With respect to anatomical site, there was a statistically significant positive association with current HRT use and the risk of nodal NHL (RR, 1.6), which changed little after multivariate adjustment (RR, 1.5). Again, elevated risk was mainly among current users with ≤5 years of use (RRmultivariate, 2.1). There was essentially no association of HRT with extra-nodal NHL.
We next evaluated common subtypes of NHL. For follicular NHL, risk was elevated in former (RR, 2.7) and current users (RR, 3.3), and this was not attenuated in multivariate adjustment. When evaluated by the duration of use, risk was generally higher with longer use, and the highest risk was seen for current users of >5 years (RR, 3.9). Most (88%) of the follicular NHLs were nodal. When we analyzed only nodal follicular NHL, the multivariate association with former (RR, 2.7; 95% CI; 1.4–5.1) and current (RR, 3.7; 95% CI; 1.7–8.0) HRT use strengthened slightly.
Of the other common subtypes of NHL, there was no consistent association of HRT use with the risk of diffuse NHL, small lymphocytic NHL, or CLL. An analyses of duration of use revealed no consistent trends. Of the diffuse NHLs, 64% were nodal. There was no association between HRT use and the risk of either diffuse nodal [(RRcurrent, 1.0 (95% CI 0.5–2.1); RRformer, 0.9 (95% CI, 0.5–1.4)]] or diffuse extra-nodal [RRcurrent, 1.0 (95% CI, 0.4–2.6); RRformer, 1.0 (95% CI, 0.4–2.6] NHL.
In all of the multivariate models, additional adjustment for education and age at menopause did not alter the risk estimates (data not shown).
We found a weak positive association between current use of HRT and the risk of NHL overall. Among the common subtypes, HRT use was associated with follicular NHL, particularly nodal follicular NHL, but not with diffuse or small lymphocytic NHL nor with CLL. Longer duration of use was associated with a greater risk of follicular NHL among both former and current HRT users, and the association with follicular NHL was not confounded by several key demographic, medical history, lifestyle, or dietary risk factors.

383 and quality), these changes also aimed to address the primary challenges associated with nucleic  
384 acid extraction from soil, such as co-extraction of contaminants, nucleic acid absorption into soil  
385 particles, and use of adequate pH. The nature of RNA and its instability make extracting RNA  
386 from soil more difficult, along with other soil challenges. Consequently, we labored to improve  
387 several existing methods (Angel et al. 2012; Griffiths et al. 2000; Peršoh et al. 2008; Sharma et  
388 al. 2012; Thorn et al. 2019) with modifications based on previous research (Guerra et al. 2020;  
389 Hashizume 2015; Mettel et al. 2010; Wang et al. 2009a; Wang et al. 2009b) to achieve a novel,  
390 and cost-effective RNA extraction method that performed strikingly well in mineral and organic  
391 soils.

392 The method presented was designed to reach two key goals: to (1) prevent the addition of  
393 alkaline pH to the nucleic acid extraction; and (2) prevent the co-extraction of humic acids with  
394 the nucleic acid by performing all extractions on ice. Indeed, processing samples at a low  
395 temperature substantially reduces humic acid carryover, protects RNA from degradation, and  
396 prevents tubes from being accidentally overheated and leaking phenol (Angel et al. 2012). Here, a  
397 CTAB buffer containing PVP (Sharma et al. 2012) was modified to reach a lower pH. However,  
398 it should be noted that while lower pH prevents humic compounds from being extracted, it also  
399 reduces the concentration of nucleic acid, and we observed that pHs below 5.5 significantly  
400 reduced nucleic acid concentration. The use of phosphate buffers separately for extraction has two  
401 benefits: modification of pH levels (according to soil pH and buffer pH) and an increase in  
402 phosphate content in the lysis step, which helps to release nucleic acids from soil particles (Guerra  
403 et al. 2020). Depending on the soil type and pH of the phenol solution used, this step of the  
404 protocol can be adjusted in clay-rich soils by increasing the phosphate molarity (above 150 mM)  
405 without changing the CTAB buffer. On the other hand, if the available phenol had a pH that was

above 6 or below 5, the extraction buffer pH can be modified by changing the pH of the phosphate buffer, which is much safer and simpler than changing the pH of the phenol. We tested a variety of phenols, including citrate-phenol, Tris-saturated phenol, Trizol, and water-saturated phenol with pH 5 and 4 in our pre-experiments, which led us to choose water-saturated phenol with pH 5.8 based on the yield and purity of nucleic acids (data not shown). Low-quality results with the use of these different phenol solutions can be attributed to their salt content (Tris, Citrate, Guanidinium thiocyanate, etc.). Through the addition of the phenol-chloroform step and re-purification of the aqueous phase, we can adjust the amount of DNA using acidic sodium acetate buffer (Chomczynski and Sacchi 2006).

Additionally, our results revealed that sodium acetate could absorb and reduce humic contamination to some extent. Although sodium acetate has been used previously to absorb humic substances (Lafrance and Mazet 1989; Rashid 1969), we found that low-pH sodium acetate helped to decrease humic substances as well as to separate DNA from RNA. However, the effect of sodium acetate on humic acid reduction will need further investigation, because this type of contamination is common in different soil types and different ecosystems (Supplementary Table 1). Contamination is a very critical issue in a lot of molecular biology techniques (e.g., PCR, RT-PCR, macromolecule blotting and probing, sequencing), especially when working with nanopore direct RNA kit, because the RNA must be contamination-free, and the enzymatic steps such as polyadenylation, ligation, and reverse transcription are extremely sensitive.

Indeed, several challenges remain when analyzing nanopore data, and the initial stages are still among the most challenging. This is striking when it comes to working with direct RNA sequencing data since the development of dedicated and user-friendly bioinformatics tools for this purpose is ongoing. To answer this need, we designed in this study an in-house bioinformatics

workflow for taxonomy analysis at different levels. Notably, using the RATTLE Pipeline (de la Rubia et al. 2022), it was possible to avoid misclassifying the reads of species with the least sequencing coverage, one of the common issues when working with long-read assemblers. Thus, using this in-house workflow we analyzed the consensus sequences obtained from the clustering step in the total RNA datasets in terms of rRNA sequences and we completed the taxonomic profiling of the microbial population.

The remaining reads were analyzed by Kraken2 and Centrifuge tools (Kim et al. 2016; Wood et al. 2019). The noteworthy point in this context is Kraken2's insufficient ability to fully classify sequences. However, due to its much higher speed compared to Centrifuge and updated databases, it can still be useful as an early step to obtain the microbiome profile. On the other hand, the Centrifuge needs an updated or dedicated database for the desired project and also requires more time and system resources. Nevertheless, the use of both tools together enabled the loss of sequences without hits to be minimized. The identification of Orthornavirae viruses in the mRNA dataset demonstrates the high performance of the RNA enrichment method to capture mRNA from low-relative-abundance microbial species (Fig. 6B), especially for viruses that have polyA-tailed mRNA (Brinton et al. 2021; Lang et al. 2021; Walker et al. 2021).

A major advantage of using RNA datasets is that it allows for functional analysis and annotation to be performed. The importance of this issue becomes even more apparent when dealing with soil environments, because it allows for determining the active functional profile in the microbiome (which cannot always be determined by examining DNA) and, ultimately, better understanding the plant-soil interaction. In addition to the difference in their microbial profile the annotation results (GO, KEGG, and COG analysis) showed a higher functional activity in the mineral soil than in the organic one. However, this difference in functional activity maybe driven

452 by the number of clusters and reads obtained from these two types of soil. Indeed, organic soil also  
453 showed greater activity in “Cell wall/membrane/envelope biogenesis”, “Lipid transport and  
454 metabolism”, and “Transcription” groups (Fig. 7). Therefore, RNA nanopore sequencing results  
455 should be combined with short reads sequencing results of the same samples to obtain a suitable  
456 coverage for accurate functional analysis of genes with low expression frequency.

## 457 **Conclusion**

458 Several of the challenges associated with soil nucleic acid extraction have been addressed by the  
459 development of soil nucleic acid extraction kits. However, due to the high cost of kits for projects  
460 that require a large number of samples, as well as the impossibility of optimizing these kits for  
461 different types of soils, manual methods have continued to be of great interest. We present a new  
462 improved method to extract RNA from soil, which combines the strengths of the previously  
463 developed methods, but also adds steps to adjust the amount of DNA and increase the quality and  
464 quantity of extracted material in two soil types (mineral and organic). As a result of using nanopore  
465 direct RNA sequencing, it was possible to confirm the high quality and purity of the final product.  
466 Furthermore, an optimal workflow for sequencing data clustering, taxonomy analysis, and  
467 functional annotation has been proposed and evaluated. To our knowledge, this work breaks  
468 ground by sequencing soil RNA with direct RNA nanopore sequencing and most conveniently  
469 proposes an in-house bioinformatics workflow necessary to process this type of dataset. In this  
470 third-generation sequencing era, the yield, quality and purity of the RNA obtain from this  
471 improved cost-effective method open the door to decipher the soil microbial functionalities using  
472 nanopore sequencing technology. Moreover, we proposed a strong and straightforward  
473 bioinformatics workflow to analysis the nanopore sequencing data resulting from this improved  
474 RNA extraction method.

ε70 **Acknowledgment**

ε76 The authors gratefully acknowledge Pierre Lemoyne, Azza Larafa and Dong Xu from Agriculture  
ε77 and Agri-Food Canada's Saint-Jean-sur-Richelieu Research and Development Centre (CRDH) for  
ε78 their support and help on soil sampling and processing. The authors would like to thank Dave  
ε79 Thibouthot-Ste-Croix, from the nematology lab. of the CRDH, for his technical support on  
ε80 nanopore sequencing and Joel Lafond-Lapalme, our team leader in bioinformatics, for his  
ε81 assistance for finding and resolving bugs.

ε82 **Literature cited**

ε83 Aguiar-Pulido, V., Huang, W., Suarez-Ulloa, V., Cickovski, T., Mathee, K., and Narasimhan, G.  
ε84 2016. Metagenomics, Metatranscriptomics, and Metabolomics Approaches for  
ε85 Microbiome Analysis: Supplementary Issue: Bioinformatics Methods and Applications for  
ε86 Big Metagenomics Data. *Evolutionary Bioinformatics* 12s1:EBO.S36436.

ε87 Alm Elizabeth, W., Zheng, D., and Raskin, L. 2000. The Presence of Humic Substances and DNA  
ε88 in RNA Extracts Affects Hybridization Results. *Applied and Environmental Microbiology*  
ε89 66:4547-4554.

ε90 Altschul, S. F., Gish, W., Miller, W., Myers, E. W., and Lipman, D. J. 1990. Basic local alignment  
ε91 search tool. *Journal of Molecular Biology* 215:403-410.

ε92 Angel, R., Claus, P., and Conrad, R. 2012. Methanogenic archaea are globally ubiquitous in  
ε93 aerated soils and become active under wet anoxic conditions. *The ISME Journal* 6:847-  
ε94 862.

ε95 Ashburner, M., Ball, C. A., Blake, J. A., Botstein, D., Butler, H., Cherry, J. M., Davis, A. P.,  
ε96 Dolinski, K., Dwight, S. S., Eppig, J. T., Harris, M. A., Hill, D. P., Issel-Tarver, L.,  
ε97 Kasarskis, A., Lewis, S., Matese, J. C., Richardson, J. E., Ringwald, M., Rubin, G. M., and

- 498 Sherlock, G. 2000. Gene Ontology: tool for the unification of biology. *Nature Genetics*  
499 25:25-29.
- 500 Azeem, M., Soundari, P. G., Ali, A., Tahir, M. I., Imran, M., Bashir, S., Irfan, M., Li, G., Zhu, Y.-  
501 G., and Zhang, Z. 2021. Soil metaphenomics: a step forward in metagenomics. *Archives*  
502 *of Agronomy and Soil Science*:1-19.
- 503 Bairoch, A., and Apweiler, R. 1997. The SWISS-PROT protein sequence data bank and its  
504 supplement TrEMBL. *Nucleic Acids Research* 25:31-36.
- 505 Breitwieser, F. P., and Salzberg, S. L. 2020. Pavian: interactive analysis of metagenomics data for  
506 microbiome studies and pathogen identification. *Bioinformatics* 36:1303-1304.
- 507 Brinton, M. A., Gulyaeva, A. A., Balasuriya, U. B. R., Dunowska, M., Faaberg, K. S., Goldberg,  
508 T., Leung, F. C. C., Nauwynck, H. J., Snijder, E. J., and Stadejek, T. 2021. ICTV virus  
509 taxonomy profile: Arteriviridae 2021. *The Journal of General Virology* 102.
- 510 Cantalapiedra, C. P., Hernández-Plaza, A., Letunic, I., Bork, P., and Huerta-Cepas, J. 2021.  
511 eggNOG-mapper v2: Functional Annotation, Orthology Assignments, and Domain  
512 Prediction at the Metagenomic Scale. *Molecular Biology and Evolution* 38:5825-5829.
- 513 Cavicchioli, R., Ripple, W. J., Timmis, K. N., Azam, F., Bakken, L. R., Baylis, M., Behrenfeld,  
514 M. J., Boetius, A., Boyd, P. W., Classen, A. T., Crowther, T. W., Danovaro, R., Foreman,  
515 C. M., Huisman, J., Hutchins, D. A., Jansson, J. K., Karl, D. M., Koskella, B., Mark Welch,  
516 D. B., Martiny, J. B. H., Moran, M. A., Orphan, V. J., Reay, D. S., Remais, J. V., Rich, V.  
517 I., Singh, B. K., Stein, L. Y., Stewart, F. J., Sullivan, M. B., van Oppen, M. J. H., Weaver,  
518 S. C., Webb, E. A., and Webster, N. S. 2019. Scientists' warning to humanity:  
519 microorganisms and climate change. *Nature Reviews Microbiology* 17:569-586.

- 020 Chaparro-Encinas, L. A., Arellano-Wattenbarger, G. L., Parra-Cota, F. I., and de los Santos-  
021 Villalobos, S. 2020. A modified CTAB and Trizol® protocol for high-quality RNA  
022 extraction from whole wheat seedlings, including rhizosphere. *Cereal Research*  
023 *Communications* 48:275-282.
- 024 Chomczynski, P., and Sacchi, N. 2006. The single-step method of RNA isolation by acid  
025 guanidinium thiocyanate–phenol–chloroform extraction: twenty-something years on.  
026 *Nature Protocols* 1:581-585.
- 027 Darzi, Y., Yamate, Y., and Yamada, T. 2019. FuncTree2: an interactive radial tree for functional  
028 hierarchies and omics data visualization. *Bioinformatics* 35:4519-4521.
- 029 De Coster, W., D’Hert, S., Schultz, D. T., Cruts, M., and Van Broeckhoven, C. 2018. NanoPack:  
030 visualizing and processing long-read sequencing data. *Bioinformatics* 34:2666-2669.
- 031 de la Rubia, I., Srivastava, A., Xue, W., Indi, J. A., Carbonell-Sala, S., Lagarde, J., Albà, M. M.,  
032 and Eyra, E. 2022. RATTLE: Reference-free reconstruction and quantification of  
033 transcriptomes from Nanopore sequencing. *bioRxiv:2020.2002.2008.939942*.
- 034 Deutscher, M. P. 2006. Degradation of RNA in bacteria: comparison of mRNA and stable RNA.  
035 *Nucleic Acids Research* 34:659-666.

Strengths of this study include the prospective cohort study design in a well-defined, community-based population, case ascertainment using a SEER cancer registry, inclusion of the full spectrum of NHL cases (i.e., aggressive cases that often do not get enrolled into case-control studies), and virtually complete follow-up of the cohort. Limitations include an abbreviated assessment of HRT based on self-report, including no data on the type of preparation used, nor precise length of use. However, even with the limited HRT assessment used in the study, HRT use was inversely associated with total and coronary heart disease mortality, colon cancer incidence, and hip fracture, and was positively associated with endometrial and breast cancer incidence (23) . On the basis of other data collected around the time of the baseline survey, Folsom et al. (23) have estimated that no more than 20% of the current users, and a smaller proportion of former users, were also using a progestin in combination with estrogen. Thus, the issue of combination therapy and the risk of NHL remains open.
Other limitations of this study include relatively small sample sizes for some subtypes, and the lack of data on other subtypes of potential interest (e.g., mantle cell lymphoma; MALT lymphoma; high-grade lymphoma; peripheral T-cell lymphomas). Subtype classification relied on reports from the local pathologist, and there was no central review of the cases. In addition, our classification of subtypes relied on the SEER ICD-O second-edition codes, which are based on the Working Formulation; however, this does not necessarily translate into the more current WHO Classification system (9) . In particular, the diffuse lymphomas are likely to include some lymphomas of T-cell origin, as well as other more uniquely defined subtypes. However, follicular NHL appears to be reliably classified by pathologists (24) , and this subtype has seen little modification with adoption of the revised European-American lymphoma (REAL) classification (25) and WHO systems (9) . In addition, we based our subtype categorization on the recent summary data, which suggests that these are reasonable groupings of the SEER data for etiological epidemiology studies (16) .